Engine stop-start. When it isn’t needed to supply power, such as when coasting or while stopped in traffic, the gasoline engine automatically shuts off instead of idling inefficiently.

When circumstances warrant, a powerful starter motor can restart the engine within 400 milliseconds for seamless performance.

Regenerative braking. In traditional vehicles, the energy used to decelerate the car is lost as heat when the driver applies the brakes. Hybrids, on the other hand, can recover a substantial portion of what would otherwise be “lost energy” and store it in the battery for later use.

Electric drive. The Escape Hybrid can be driven up to 25 mph using the electric motor alone, thus using no gasoline and causing no emissions.

Electric-assist power steering. The electric assist system enables power-assisted steering when the gasoline engine is shut off. While driving at low speeds or coasting, it offers improved fuel economy, even when the engine is running, because it consumes less power than belt-driven power steering.

Full Hybrid
The Escape Hybrid is a “full” hybrid, meaning it has a high-voltage storage battery and the capability of driving on electric power alone. Full-hybrids can achieve 50 percent or more improvement in fuel economy during stop-and-go driving where the electric motor is most efficient.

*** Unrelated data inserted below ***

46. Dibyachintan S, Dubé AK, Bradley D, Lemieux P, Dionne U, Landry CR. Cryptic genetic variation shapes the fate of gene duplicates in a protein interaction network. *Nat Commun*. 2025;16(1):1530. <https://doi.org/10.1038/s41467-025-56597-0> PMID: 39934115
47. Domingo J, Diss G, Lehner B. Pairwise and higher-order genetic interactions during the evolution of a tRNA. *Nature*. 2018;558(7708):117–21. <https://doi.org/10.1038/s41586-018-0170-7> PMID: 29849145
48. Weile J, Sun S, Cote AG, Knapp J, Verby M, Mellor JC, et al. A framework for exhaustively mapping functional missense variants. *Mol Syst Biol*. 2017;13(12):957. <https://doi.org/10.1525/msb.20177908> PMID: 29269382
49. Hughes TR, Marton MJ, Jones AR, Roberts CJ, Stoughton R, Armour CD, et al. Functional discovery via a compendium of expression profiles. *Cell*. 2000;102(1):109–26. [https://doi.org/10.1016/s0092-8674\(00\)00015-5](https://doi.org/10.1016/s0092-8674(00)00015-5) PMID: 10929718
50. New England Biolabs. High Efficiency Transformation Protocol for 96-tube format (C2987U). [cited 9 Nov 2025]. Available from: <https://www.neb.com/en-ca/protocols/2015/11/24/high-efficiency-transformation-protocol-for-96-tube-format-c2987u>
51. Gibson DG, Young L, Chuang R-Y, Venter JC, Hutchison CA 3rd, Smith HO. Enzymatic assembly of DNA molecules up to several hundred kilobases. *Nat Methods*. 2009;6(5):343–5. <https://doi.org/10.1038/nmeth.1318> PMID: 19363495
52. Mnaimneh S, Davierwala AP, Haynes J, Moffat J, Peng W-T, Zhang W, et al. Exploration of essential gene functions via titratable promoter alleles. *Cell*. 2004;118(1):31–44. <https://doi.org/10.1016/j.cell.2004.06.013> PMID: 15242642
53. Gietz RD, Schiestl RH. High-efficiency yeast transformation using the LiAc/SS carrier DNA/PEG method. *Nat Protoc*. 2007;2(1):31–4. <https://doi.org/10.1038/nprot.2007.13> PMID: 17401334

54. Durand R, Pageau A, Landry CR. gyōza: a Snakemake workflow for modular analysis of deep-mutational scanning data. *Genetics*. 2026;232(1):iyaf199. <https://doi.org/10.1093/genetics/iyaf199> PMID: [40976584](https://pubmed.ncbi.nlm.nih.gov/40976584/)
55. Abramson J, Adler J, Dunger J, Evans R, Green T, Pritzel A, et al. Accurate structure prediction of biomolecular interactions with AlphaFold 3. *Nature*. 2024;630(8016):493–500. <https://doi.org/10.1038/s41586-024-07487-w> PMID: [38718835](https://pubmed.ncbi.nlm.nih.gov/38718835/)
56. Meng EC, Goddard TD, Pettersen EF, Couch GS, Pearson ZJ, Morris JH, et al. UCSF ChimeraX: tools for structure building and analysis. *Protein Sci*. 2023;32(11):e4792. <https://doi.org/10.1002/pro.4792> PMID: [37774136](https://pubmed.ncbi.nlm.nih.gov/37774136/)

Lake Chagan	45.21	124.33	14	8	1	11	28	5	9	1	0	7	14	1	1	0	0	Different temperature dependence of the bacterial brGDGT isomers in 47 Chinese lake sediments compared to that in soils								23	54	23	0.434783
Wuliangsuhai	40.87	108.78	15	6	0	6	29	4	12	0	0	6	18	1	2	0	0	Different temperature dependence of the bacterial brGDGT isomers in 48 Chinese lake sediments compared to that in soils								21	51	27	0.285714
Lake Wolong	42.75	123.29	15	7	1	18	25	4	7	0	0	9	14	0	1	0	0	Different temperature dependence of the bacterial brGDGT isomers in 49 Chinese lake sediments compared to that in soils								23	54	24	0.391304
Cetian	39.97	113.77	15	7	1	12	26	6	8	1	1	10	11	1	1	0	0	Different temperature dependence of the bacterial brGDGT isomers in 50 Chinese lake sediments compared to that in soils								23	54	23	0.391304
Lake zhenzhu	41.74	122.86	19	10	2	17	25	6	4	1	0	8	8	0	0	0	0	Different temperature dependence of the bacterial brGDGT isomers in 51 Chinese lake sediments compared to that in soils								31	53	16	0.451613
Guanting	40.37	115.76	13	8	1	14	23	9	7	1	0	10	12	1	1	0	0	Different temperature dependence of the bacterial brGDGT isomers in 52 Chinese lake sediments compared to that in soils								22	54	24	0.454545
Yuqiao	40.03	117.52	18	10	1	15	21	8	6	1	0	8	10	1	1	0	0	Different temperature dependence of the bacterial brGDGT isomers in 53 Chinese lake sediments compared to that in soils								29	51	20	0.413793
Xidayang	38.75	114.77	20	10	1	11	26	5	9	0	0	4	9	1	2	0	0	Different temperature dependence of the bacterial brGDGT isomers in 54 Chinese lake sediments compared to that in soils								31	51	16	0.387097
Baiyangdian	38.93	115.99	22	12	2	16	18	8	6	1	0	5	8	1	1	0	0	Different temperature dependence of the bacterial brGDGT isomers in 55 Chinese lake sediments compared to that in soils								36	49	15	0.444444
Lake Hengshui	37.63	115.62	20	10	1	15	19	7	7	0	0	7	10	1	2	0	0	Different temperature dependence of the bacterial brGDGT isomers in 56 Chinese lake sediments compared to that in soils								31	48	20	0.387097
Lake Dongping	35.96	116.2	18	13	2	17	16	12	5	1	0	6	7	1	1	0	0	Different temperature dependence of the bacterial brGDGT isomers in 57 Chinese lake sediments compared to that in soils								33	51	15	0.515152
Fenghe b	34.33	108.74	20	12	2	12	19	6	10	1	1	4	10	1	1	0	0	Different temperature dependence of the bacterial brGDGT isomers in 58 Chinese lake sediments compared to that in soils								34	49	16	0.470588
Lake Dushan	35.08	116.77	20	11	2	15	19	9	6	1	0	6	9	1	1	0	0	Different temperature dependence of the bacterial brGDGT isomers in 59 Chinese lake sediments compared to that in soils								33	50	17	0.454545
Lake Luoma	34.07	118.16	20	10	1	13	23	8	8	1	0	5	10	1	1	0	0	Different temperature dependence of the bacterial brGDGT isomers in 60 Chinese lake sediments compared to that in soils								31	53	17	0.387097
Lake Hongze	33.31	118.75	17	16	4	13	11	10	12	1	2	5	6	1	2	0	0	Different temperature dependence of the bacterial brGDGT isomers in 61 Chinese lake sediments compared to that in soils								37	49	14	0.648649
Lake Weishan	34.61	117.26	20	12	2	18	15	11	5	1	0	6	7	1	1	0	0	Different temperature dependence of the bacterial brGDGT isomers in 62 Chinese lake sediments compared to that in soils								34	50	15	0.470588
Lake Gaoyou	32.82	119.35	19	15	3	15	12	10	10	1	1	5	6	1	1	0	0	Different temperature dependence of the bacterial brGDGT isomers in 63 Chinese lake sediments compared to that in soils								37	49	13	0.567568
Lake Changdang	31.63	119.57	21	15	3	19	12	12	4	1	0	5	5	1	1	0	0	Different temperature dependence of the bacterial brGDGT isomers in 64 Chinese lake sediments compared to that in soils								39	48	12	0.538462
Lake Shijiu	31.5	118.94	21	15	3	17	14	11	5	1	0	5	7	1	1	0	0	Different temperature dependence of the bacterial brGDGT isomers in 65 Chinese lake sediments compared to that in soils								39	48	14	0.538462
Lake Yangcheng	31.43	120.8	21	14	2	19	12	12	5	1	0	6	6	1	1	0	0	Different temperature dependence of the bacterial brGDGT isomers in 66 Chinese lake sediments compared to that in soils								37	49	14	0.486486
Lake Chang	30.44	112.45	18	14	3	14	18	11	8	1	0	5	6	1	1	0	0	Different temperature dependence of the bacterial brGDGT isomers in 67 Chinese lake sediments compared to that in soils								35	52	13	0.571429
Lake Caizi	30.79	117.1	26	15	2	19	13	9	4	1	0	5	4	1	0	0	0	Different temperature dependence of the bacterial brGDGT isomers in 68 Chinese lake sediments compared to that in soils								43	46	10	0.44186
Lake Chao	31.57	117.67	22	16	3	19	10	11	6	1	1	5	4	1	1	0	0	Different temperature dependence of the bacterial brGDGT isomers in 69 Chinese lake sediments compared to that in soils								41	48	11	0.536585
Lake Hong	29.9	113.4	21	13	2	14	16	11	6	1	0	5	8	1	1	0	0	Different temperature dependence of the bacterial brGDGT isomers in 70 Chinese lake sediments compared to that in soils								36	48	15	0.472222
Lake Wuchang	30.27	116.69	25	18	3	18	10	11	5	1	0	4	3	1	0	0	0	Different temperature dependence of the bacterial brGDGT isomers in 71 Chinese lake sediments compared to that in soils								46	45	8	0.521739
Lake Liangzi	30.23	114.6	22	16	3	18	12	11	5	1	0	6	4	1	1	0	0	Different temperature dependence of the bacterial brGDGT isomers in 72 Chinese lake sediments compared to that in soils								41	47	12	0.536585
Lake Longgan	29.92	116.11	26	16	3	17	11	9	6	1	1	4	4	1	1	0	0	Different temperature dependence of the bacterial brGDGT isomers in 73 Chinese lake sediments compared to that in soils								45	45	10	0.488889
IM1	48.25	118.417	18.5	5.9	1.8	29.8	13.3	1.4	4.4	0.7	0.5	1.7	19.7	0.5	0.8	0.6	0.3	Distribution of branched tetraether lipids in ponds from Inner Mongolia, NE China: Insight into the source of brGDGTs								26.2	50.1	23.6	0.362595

Mild hybrids, in contrast, are distinguished by relatively small battery capacity and lack an electric-only drive mode, limiting their fuel-saving potential. Mild hybrids are unable to achieve as much improvement in fuel economy as full hybrids. When the driver calls for maximum acceleration, the gasoline engine and electric motor work in parallel, providing launch performance feel similar to that of a powerful V-6 engine.

In less demanding situations, the Escape Hybrid can run on its electric motor alone, its gasoline engine alone or the most efficient combination of the two.

Atkinson-Cycle Engine Operates Efficiently
Escape Hybrid’s four-cylinder gasoline engine is an Atkinson-cycle variant of the conventional Escape’s Duratec 23 2.3-liter engine. The Atkinson cycle is similar to the familiar four-stroke cycle — intake, compression, power, exhaust — except the intake valve closes well after the piston begins moving upward to compress the air-fuel mixture. There are two key benefits of the Atkinson cycle.

First, it reduces the “pumping losses” associated with all gasoline engines. Additionally, because a fraction of the air-fuel mixture is released from the cylinder back into the induction system without being burned, the effective displacement of the engine is reduced. The power stroke, or the distance that burning fuel pushes on the piston, is longer than the effective intake stroke. This helps extract more energy from each drop of fuel.